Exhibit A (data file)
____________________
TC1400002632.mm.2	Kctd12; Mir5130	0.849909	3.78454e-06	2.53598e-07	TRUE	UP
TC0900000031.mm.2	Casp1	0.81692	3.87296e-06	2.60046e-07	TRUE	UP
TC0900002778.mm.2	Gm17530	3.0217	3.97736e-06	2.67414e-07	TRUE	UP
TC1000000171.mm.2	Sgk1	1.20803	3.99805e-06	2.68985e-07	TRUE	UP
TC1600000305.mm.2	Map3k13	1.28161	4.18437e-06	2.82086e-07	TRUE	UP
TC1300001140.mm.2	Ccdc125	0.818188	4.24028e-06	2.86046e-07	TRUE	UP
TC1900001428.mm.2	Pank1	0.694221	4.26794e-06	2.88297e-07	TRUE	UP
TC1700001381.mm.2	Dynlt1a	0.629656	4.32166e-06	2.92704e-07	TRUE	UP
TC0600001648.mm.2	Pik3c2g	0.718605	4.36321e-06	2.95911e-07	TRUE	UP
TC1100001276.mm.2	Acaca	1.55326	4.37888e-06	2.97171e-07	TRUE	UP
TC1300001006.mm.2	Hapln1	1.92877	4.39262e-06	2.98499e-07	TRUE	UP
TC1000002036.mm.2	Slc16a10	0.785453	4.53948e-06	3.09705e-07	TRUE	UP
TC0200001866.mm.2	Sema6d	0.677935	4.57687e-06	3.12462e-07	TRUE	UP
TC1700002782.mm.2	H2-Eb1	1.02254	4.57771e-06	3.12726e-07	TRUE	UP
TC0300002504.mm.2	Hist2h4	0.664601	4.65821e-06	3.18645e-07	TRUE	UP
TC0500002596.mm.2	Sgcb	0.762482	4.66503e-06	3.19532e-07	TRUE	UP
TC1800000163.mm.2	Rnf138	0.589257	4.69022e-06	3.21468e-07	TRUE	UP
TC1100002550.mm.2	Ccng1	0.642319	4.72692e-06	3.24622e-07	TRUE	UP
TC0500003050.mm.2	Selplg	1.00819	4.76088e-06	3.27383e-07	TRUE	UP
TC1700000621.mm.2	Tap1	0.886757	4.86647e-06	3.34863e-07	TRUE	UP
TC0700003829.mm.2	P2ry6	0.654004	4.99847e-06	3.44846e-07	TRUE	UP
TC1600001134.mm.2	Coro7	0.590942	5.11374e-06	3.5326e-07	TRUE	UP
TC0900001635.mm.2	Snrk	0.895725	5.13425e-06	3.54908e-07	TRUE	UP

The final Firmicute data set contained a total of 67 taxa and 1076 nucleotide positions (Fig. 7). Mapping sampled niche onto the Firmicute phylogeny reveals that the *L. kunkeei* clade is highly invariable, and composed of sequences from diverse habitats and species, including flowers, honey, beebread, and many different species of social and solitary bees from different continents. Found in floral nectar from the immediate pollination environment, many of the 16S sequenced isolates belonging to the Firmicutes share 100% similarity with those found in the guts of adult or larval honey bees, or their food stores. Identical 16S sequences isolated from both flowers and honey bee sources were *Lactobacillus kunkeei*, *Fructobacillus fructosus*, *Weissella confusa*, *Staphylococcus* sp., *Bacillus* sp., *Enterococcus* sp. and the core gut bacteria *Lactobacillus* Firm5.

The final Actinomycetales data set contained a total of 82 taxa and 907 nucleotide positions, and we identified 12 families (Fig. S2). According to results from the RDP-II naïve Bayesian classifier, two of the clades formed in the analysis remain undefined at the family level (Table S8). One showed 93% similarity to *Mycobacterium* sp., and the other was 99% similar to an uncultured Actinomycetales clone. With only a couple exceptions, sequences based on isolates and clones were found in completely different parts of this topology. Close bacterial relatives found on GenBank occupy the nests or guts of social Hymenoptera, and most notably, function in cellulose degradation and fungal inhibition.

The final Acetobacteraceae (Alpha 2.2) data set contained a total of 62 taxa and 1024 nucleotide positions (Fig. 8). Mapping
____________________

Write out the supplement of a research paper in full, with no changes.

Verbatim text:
TC1400002632.mm.2	Kctd12; Mir5130	0.849909	3.78454e-06	2.53598e-07	TRUE	UP
TC0900000031.mm.2	Casp1	0.81692	3.87296e-06	2.60046e-07	TRUE	UP
TC0900002778.mm.2	Gm17530	3.0217	3.97736e-06	2.67414e-07	TRUE	UP
TC1000000171.mm.2	Sgk1	1.20803	3.99805e-06	2.68985e-07	TRUE	UP
TC1600000305.mm.2	Map3k13	1.28161	4.18437e-06	2.82086e-07	TRUE	UP
TC1300001140.mm.2	Ccdc125	0.818188	4.24028e-06	2.86046e-07	TRUE	UP
TC1900001428.mm.2	Pank1	0.694221	4.26794e-06	2.88297e-07	TRUE	UP
TC1700001381.mm.2	Dynlt1a	0.629656	4.32166e-06	2.92704e-07	TRUE	UP
TC0600001648.mm.2	Pik3c2g	0.718605	4.36321e-06	2.95911e-07	TRUE	UP
TC1100001276.mm.2	Acaca	1.55326	4.37888e-06	2.97171e-07	TRUE	UP
TC1300001006.mm.2	Hapln1	1.92877	4.39262e-06	2.98499e-07	TRUE	UP
TC1000002036.mm.2	Slc16a10	0.785453	4.53948e-06	3.09705e-07	TRUE	UP
TC0200001866.mm.2	Sema6d	0.677935	4.57687e-06	3.12462e-07	TRUE	UP
TC1700002782.mm.2	H2-Eb1	1.02254	4.57771e-06	3.12726e-07	TRUE	UP
TC0300002504.mm.2	Hist2h4	0.664601	4.65821e-06	3.18645e-07	TRUE	UP
TC0500002596.mm.2	Sgcb	0.762482	4.66503e-06	3.19532e-07	TRUE	UP
TC1800000163.mm.2	Rnf138	0.589257	4.69022e-06	3.21468e-07	TRUE	UP
TC1100002550.mm.2	Ccng1	0.642319	4.72692e-06	3.24622e-07	TRUE	UP
TC0500003050.mm.2	Selplg	1.00819	4.76088e-06	3.27383e-07	TRUE	UP
TC1700000621.mm.2	Tap1	0.886757	4.86647e-06	3.34863e-07	TRUE	UP
TC0700003829.mm.2	P2ry6	0.654004	4.99847e-06	3.44846e-07	TRUE	UP
TC1600001134.mm.2	Coro7	0.590942	5.11374e-06	3.5326e-07	TRUE	UP
TC0900001635.mm.2	Snrk	0.895725	5.13425e-06	3.54908e-07	TRUE	UP

The final Firmicute data set contained a total of 67 taxa and 1076 nucleotide positions (Fig. 7). Mapping sampled niche onto the Firmicute phylogeny reveals that the *L. kunkeei* clade is highly invariable, and composed of sequences from diverse habitats and species, including flowers, honey, beebread, and many different species of social and solitary bees from different continents. Found in floral nectar from the immediate pollination environment, many of the 16S sequenced isolates belonging to the Firmicutes share 100% similarity with those found in the guts of adult or larval honey bees, or their food stores. Identical 16S sequences isolated from both flowers and honey bee sources were *Lactobacillus kunkeei*, *Fructobacillus fructosus*, *Weissella confusa*, *Staphylococcus* sp., *Bacillus* sp., *Enterococcus* sp. and the core gut bacteria *Lactobacillus* Firm5.

The final Actinomycetales data set contained a total of 82 taxa and 907 nucleotide positions, and we identified 12 families (Fig. S2). According to results from the RDP-II naïve Bayesian classifier, two of the clades formed in the analysis remain undefined at the family level (Table S8). One showed 93% similarity to *Mycobacterium* sp., and the other was 99% similar to an uncultured Actinomycetales clone. With only a couple exceptions, sequences based on isolates and clones were found in completely different parts of this topology. Close bacterial relatives found on GenBank occupy the nests or guts of social Hymenoptera, and most notably, function in cellulose degradation and fungal inhibition.

The final Acetobacteraceae (Alpha 2.2) data set contained a total of 62 taxa and 1024 nucleotide positions (Fig. 8). Mapping